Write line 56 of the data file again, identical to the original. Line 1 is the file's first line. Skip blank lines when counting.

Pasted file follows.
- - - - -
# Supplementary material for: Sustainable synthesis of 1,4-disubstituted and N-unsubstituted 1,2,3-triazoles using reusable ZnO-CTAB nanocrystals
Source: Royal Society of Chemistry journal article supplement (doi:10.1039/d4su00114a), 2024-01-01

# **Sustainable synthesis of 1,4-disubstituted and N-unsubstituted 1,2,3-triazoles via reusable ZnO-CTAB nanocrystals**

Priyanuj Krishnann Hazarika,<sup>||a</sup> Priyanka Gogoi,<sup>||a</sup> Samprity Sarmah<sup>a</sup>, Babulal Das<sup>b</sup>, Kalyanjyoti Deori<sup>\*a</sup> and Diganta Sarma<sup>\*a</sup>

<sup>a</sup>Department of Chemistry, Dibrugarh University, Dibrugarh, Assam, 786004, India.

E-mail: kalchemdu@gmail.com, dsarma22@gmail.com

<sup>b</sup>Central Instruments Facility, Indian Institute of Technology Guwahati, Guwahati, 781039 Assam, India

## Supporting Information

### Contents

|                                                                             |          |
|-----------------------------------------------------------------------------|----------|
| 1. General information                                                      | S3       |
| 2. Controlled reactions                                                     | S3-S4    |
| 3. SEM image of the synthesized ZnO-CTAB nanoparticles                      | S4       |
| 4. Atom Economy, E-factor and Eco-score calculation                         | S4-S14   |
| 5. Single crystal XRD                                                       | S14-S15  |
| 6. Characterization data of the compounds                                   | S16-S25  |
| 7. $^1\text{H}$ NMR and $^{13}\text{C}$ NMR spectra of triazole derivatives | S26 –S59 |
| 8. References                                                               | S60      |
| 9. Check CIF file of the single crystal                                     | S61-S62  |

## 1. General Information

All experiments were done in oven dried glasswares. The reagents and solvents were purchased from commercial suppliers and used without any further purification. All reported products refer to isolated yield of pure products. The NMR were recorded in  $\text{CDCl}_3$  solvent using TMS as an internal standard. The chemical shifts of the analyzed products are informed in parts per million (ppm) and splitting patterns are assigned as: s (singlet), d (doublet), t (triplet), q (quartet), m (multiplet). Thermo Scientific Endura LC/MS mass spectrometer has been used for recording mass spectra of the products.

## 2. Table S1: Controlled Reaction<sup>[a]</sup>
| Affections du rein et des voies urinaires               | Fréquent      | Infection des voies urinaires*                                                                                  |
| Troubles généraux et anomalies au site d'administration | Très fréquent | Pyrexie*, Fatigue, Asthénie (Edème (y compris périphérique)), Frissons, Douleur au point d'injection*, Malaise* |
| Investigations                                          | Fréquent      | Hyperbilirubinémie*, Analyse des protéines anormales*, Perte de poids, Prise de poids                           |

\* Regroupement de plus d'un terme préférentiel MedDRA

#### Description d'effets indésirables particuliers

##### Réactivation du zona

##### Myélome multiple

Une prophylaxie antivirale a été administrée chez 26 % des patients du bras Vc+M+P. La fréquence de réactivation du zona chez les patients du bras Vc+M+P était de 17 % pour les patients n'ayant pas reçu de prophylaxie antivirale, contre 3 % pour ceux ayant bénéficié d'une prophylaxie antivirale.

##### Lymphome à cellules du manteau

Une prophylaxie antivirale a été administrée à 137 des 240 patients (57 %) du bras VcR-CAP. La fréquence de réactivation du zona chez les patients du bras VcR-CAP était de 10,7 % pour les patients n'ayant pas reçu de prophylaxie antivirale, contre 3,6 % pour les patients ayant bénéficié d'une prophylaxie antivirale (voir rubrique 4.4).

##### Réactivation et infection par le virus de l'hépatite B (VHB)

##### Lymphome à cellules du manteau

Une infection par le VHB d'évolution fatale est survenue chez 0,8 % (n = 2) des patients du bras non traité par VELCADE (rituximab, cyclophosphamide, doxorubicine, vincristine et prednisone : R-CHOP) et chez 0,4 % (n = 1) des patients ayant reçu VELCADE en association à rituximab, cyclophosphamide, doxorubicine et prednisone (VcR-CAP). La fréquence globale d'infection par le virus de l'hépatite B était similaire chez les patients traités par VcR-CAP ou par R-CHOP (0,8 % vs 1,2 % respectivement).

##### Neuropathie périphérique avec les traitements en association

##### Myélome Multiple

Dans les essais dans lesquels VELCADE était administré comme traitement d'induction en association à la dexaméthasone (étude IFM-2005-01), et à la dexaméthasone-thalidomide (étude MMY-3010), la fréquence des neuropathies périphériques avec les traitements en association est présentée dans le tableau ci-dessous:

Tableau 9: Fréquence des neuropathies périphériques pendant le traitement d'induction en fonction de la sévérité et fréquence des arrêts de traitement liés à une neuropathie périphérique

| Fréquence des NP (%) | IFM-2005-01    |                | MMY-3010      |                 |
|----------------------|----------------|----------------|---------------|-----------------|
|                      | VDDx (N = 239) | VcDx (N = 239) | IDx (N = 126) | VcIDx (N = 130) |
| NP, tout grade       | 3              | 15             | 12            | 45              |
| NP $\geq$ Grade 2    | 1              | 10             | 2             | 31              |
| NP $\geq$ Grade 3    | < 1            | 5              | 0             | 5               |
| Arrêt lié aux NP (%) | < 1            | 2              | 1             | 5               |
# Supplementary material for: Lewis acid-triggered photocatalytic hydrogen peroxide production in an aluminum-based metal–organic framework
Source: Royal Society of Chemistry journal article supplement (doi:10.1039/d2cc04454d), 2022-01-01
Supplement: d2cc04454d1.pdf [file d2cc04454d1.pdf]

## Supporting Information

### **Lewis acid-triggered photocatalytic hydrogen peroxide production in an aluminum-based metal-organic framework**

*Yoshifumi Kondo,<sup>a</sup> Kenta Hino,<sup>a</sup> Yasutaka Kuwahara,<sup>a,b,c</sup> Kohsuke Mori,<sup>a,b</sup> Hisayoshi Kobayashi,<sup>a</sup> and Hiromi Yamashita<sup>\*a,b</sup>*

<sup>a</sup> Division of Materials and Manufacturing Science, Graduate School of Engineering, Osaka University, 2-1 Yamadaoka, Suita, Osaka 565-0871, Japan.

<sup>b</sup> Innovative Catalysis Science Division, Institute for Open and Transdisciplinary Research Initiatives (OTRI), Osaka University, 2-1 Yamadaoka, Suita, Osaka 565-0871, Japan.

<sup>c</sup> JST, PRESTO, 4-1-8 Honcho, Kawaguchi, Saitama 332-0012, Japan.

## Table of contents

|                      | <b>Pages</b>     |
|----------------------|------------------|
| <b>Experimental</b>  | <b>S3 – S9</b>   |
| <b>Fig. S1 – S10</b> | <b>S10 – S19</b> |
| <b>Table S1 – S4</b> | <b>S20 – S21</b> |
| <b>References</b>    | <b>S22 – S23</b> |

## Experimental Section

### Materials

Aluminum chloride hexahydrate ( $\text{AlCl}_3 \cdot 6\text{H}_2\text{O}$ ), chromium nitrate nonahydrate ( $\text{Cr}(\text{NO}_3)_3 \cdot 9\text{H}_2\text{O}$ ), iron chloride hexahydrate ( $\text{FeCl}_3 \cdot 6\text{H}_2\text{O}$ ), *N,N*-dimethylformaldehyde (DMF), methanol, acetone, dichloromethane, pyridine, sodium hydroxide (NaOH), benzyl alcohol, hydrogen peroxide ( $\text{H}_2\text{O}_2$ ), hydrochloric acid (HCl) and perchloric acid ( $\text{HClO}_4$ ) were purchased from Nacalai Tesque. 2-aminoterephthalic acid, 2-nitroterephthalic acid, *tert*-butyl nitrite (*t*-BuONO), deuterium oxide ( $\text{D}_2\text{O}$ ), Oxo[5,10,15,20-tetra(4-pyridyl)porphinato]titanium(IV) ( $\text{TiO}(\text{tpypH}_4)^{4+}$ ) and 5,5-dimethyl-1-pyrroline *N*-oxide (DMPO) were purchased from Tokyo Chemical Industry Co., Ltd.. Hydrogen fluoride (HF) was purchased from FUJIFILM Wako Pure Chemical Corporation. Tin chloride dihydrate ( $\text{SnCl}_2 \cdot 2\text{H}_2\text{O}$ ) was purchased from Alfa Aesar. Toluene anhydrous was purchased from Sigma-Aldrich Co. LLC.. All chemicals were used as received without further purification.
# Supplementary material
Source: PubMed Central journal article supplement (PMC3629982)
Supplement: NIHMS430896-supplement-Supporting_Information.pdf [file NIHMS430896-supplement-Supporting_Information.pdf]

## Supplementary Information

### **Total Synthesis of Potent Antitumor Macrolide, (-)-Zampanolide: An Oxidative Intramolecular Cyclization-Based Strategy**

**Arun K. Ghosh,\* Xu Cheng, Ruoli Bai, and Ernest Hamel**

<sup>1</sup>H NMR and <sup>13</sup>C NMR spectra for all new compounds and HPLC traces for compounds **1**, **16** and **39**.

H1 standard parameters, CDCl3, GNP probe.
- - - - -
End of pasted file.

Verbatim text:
<sup>c</sup> JST, PRESTO, 4-1-8 Honcho, Kawaguchi, Saitama 332-0012, Japan.